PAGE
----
Siblings are going to fight. They’re going to poke at each other on long (or short) car rides. They’re going to push to be the first one out the door. They’re going to wrestle for control of the TV remote. After a while, it can start to sound like the regular background noise of a family with multiple children. But typical sibling rivalry or squabbles can morph into full-fledged bullying — and that’s not normal or ok.
Rivalry vs. bullying
Rivalry between siblings, at least at some point, is inevitable. They are sharing space, parents, pets, toys and electronics. A sense of competition in at least one area of their lives is normal and expected. However, when one sibling seeks to purposely harm or humiliate another sibling, they’ve crossed the line from “rivalry” into “bullying” territory.
Very Well Family explains the difference:
One of the best ways to identify sibling bullying is to know the three components of bullying. These include a power imbalance, intentional actions, and repetitive behaviours. In other words, when siblings regularly engage in name-calling, humiliation, intimidation, physical abuse and other forms of bullying, this is sibling bullying.
The bullying may be physical or it may be mental and emotional with relentless insults and name-calling. Both are bullying, the same way we’d consider it bullying it if was happening from a peer at school rather than a sibling at home. In fact, researchers with the U.S. National Survey of Children’s Exposure to Violence have found that sibling bullying causes mental distress for the victim, which can lead to higher rates of anger, depression and anxiety.
If you’re still not sure whether you’re witnessing an argument versus bullying, your kids’ reactions may offer the best clue. If both kids are upset and engaged in the disagreement, it’s probably a regular sibling fight. However, if the playing field isn’t level, and one child is upset and disengaged from the argument while the other seems to revel in their distress, you’re probably witnessing bullying.
Don’t add fuel to the fire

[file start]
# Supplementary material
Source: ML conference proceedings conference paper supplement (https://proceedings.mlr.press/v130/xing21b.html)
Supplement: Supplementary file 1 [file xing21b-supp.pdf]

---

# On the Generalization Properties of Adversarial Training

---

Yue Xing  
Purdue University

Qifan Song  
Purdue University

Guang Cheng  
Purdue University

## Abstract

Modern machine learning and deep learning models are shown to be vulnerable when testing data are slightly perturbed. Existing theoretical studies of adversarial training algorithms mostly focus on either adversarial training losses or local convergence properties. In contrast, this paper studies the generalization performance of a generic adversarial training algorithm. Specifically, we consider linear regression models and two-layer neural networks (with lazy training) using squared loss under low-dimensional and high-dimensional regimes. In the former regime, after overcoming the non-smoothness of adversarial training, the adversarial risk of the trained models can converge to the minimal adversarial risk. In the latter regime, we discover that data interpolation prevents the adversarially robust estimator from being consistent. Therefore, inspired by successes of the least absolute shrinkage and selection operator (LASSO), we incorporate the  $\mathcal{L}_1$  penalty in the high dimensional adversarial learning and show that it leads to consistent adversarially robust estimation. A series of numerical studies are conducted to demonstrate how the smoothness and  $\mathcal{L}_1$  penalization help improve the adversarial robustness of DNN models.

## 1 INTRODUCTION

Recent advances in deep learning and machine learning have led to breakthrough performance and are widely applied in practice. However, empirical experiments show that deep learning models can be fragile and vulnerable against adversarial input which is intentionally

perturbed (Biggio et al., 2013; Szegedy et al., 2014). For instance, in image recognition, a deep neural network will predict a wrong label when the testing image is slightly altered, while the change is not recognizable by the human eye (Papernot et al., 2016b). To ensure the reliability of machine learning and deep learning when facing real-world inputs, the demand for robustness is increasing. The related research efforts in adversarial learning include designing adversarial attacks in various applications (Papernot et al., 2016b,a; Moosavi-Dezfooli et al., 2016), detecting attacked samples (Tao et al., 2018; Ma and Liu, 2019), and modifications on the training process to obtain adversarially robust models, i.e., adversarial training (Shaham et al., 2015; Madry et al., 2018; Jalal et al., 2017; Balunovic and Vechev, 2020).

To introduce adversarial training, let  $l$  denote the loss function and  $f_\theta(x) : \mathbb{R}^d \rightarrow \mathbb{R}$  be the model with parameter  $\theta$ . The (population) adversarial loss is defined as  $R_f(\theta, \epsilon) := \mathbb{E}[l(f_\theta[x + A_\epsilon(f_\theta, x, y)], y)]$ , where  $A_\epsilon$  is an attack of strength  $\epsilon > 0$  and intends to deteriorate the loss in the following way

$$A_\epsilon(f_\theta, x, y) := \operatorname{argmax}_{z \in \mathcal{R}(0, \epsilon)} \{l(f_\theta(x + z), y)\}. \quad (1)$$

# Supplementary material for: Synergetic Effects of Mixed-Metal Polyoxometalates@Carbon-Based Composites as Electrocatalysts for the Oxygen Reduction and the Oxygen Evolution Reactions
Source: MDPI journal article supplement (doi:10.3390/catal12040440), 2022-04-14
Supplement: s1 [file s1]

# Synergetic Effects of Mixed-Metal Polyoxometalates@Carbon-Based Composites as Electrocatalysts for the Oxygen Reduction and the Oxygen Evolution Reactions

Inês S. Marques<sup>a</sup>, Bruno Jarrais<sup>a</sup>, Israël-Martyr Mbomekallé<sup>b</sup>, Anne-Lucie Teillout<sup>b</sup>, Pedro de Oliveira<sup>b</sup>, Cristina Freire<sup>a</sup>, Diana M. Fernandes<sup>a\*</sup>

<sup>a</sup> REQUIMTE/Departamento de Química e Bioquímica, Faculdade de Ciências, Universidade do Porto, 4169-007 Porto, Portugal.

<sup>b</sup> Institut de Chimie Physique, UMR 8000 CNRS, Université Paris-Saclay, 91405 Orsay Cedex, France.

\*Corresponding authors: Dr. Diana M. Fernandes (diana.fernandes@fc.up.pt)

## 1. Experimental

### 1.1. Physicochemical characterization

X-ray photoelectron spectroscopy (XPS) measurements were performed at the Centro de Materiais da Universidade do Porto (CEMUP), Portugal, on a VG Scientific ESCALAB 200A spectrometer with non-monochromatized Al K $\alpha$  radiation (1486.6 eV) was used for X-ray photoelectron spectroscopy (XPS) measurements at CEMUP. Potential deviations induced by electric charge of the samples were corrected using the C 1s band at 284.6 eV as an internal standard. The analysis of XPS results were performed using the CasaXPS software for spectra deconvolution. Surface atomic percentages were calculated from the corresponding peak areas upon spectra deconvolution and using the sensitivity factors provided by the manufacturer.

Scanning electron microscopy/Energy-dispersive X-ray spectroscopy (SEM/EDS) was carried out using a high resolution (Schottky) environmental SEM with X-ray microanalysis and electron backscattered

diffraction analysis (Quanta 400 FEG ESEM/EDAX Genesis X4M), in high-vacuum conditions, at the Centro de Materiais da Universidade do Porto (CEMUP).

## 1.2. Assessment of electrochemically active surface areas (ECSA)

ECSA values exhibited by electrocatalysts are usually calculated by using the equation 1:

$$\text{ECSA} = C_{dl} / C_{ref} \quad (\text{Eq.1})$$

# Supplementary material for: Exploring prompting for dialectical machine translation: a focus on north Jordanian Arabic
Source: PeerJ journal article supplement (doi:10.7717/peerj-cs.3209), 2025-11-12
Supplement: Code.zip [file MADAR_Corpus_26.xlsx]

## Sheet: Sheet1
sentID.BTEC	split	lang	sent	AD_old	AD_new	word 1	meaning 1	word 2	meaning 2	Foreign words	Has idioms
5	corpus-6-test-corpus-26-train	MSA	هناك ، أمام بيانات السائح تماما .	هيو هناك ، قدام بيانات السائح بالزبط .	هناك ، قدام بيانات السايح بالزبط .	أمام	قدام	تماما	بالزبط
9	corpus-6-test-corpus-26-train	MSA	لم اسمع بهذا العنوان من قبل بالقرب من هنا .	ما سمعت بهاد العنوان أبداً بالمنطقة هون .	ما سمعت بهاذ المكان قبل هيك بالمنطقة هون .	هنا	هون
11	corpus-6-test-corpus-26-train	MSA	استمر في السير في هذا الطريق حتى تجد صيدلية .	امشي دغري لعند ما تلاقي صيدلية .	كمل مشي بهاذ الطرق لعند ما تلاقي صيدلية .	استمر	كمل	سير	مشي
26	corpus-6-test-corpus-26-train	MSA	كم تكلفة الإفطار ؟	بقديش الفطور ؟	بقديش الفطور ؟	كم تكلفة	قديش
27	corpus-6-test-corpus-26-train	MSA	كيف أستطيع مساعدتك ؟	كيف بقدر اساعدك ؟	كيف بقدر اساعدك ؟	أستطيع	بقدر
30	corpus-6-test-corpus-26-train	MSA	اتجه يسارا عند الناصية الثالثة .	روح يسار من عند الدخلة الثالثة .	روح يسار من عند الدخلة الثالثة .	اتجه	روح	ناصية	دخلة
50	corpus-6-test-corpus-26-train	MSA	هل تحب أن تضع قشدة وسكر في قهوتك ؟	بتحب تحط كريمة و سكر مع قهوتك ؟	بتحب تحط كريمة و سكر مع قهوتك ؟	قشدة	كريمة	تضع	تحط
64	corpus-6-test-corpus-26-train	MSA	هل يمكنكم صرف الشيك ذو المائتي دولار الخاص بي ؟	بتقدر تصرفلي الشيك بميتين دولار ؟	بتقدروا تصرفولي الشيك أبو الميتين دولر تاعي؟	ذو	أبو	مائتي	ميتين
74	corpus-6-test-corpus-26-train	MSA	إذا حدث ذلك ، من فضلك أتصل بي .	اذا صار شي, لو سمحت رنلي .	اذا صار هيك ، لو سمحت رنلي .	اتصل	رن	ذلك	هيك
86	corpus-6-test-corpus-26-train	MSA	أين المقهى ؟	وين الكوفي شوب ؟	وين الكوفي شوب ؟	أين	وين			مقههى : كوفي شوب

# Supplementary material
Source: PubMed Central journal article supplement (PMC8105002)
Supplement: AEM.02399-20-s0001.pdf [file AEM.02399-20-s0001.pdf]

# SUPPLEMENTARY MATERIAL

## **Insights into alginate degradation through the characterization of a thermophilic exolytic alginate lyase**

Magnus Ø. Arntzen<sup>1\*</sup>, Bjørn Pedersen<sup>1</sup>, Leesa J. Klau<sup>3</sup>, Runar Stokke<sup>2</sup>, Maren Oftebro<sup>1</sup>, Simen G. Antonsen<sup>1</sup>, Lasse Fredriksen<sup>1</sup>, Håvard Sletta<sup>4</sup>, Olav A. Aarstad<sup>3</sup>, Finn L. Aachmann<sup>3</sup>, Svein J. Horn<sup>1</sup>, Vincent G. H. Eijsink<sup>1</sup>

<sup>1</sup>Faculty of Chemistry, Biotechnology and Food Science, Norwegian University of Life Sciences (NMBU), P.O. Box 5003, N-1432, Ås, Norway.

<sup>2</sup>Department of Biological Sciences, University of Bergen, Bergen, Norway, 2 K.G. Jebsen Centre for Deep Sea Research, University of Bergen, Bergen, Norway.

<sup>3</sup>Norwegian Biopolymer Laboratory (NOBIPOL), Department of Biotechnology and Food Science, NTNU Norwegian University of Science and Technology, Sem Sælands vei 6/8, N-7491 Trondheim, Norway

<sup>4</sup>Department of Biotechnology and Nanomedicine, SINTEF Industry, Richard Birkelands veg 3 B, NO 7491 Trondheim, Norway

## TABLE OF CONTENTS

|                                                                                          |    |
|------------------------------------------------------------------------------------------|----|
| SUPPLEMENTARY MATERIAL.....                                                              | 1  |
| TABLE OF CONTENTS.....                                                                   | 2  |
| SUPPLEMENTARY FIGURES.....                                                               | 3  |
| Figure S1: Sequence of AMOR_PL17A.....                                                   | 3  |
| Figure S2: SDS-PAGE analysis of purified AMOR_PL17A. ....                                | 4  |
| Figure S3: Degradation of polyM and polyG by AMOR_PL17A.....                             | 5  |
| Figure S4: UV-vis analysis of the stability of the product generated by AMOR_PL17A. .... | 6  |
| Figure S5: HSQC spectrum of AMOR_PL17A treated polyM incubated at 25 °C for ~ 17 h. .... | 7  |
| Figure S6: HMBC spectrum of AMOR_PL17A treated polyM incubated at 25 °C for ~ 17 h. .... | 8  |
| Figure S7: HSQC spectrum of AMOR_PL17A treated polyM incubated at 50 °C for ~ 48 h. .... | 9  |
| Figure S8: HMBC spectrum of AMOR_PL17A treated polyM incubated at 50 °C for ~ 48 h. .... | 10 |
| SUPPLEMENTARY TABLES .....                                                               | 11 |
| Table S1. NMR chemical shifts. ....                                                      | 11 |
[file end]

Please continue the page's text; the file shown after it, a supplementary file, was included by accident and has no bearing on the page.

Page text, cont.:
Parents, if they’re not careful, can actually make things worse. Psychotherapist Susan Swenson writes for GoodTherapy that parents often give their bullied children bad advice for how to deal with their sibling:
Often, it is the victim who is told by well-meaning parents either to ignore the bully or to fight back. Neither of these approaches feels possible to the typical victim child. And neither is effective, anyway: ignoring a bully is tantamount to goading her, and fighting back is unrealistic advice for a child whose temperament is neither adversarial nor combative.
Parents may also contribute to or encourage the bullying by putting their own labels on the kids — he’s the smart one, she’s the athletic one, he’s the outgoing one. Labels like these create an unhealthy sense of competition between siblings that can progress into bullying.
Treat it like any other bullying
The same way you would intervene if you knew your child was being bullied by a peer at school — or would expect teachers and administrators to intervene — you need to intervene when bullying happens in the home.
Very Well Family suggests a 7-step process to eliminate bullying at home:
1. Intervene immediately for aggressive behaviour. That goes for physically aggressive behaviour and aggressively mean language, such as name-calling.
2. Hold the bully responsible. The bullying child should be able to repeat back what they did wrong and they should face consequences. That could range from an apology to loss of privileges, depending on the circumstances.
3. Defuse jealousy. Each child should receive the same amount of attention, love and acceptance. Avoid comparisons like the plague that they are.
4. Model respect. No matter what we say, they’re more likely to follow what we do. A supportive, respectful and loving environment starts with parents.
5. Instill empathy. When a child can empathise with how bullying is hurtful for another child, they will be less likely to want to inflict that harm.
6. Teach them how to problem-solve. Create an environment of collaboration among siblings by seeking out opportunities for them to work together to get a job done.
7. Prevent future incidents. Once you’ve addressed the bullying, it may end — or it may not. Continue to stay tuned in to your kids’ interactions and be firm and consistent about what is and is not acceptable.
Remember, too, that your kids are still learning; just because a child is bullying a sibling now doesn’t mean they’re a bad kid. They may actually be dealing with their own internal stressors—maybe they’re being bullied at school or they feel unsupported or ignored in the home.
Intervening in the harmful behaviours at home will be helpful in getting to the root of any anxieties or distress the bullying child may feel, as well.